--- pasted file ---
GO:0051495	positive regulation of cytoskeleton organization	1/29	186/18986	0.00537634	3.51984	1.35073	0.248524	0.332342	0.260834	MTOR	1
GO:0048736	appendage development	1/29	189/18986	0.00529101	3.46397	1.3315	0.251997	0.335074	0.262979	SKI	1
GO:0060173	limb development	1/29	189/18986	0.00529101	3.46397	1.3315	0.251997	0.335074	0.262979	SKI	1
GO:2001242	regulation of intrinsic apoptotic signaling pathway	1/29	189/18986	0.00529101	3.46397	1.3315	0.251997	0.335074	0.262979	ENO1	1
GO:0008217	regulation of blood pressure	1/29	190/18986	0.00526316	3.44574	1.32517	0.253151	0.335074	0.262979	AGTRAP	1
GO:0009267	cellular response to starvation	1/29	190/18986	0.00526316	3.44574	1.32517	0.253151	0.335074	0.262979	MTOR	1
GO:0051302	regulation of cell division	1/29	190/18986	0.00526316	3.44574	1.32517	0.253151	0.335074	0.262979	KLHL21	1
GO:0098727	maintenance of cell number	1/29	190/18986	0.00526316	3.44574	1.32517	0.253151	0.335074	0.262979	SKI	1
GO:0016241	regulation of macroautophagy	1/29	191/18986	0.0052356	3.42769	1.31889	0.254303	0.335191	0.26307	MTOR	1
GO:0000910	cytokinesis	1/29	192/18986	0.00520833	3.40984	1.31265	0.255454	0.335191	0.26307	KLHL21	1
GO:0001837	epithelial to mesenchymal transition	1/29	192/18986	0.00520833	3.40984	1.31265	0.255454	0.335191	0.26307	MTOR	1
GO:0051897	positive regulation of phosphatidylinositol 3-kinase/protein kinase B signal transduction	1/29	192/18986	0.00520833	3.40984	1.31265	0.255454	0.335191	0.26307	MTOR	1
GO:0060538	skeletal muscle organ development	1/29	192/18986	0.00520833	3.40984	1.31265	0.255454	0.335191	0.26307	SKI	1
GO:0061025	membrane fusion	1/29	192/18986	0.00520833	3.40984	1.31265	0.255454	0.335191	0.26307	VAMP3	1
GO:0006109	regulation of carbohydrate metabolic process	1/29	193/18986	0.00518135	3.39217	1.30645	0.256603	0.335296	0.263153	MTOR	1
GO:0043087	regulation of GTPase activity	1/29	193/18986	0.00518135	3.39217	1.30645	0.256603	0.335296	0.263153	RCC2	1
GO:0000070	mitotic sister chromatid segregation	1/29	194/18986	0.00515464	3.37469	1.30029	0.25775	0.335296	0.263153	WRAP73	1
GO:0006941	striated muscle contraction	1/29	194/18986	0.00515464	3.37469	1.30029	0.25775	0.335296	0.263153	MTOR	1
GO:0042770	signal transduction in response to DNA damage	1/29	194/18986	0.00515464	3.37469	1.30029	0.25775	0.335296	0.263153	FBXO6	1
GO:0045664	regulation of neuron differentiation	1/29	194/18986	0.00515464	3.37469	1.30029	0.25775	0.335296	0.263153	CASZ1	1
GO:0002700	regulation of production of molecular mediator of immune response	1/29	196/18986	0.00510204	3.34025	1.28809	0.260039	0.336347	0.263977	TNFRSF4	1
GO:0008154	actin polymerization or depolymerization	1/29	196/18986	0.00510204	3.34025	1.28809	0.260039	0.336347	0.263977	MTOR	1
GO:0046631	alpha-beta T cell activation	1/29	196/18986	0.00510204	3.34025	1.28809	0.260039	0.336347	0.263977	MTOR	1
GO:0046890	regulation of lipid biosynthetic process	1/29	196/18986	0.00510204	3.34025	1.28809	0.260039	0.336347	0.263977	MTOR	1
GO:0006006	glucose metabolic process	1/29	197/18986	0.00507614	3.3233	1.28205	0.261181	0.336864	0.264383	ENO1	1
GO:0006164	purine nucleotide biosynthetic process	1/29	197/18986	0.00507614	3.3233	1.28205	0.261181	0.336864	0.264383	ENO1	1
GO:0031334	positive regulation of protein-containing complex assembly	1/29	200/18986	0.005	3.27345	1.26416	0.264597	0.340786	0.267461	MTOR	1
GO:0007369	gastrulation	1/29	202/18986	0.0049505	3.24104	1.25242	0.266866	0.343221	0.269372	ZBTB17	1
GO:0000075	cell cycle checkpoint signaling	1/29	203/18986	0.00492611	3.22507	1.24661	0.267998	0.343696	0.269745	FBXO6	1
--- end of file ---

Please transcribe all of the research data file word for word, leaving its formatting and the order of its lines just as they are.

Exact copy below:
GO:0051495	positive regulation of cytoskeleton organization	1/29	186/18986	0.00537634	3.51984	1.35073	0.248524	0.332342	0.260834	MTOR	1
GO:0048736	appendage development	1/29	189/18986	0.00529101	3.46397	1.3315	0.251997	0.335074	0.262979	SKI	1
GO:0060173	limb development	1/29	189/18986	0.00529101	3.46397	1.3315	0.251997	0.335074	0.262979	SKI	1
GO:2001242	regulation of intrinsic apoptotic signaling pathway	1/29	189/18986	0.00529101	3.46397	1.3315	0.251997	0.335074	0.262979	ENO1	1
GO:0008217	regulation of blood pressure	1/29	190/18986	0.00526316	3.44574	1.32517	0.253151	0.335074	0.262979	AGTRAP	1
GO:0009267	cellular response to starvation	1/29	190/18986	0.00526316	3.44574	1.32517	0.253151	0.335074	0.262979	MTOR	1
GO:0051302	regulation of cell division	1/29	190/18986	0.00526316	3.44574	1.32517	0.253151	0.335074	0.262979	KLHL21	1
GO:0098727	maintenance of cell number	1/29	190/18986	0.00526316	3.44574	1.32517	0.253151	0.335074	0.262979	SKI	1
GO:0016241	regulation of macroautophagy	1/29	191/18986	0.0052356	3.42769	1.31889	0.254303	0.335191	0.26307	MTOR	1
GO:0000910	cytokinesis	1/29	192/18986	0.00520833	3.40984	1.31265	0.255454	0.335191	0.26307	KLHL21	1
GO:0001837	epithelial to mesenchymal transition	1/29	192/18986	0.00520833	3.40984	1.31265	0.255454	0.335191	0.26307	MTOR	1
GO:0051897	positive regulation of phosphatidylinositol 3-kinase/protein kinase B signal transduction	1/29	192/18986	0.00520833	3.40984	1.31265	0.255454	0.335191	0.26307	MTOR	1
GO:0060538	skeletal muscle organ development	1/29	192/18986	0.00520833	3.40984	1.31265	0.255454	0.335191	0.26307	SKI	1
GO:0061025	membrane fusion	1/29	192/18986	0.00520833	3.40984	1.31265	0.255454	0.335191	0.26307	VAMP3	1
GO:0006109	regulation of carbohydrate metabolic process	1/29	193/18986	0.00518135	3.39217	1.30645	0.256603	0.335296	0.263153	MTOR	1
GO:0043087	regulation of GTPase activity	1/29	193/18986	0.00518135	3.39217	1.30645	0.256603	0.335296	0.263153	RCC2	1
GO:0000070	mitotic sister chromatid segregation	1/29	194/18986	0.00515464	3.37469	1.30029	0.25775	0.335296	0.263153	WRAP73	1
GO:0006941	striated muscle contraction	1/29	194/18986	0.00515464	3.37469	1.30029	0.25775	0.335296	0.263153	MTOR	1
GO:0042770	signal transduction in response to DNA damage	1/29	194/18986	0.00515464	3.37469	1.30029	0.25775	0.335296	0.263153	FBXO6	1
GO:0045664	regulation of neuron differentiation	1/29	194/18986	0.00515464	3.37469	1.30029	0.25775	0.335296	0.263153	CASZ1	1
GO:0002700	regulation of production of molecular mediator of immune response	1/29	196/18986	0.00510204	3.34025	1.28809	0.260039	0.336347	0.263977	TNFRSF4	1
GO:0008154	actin polymerization or depolymerization	1/29	196/18986	0.00510204	3.34025	1.28809	0.260039	0.336347	0.263977	MTOR	1
GO:0046631	alpha-beta T cell activation	1/29	196/18986	0.00510204	3.34025	1.28809	0.260039	0.336347	0.263977	MTOR	1
GO:0046890	regulation of lipid biosynthetic process	1/29	196/18986	0.00510204	3.34025	1.28809	0.260039	0.336347	0.263977	MTOR	1
GO:0006006	glucose metabolic process	1/29	197/18986	0.00507614	3.3233	1.28205	0.261181	0.336864	0.264383	ENO1	1
GO:0006164	purine nucleotide biosynthetic process	1/29	197/18986	0.00507614	3.3233	1.28205	0.261181	0.336864	0.264383	ENO1	1
GO:0031334	positive regulation of protein-containing complex assembly	1/29	200/18986	0.005	3.27345	1.26416	0.264597	0.340786	0.267461	MTOR	1
GO:0007369	gastrulation	1/29	202/18986	0.0049505	3.24104	1.25242	0.266866	0.343221	0.269372	ZBTB17	1
GO:0000075	cell cycle checkpoint signaling	1/29	203/18986	0.00492611	3.22507	1.24661	0.267998	0.343696	0.269745	FBXO6	1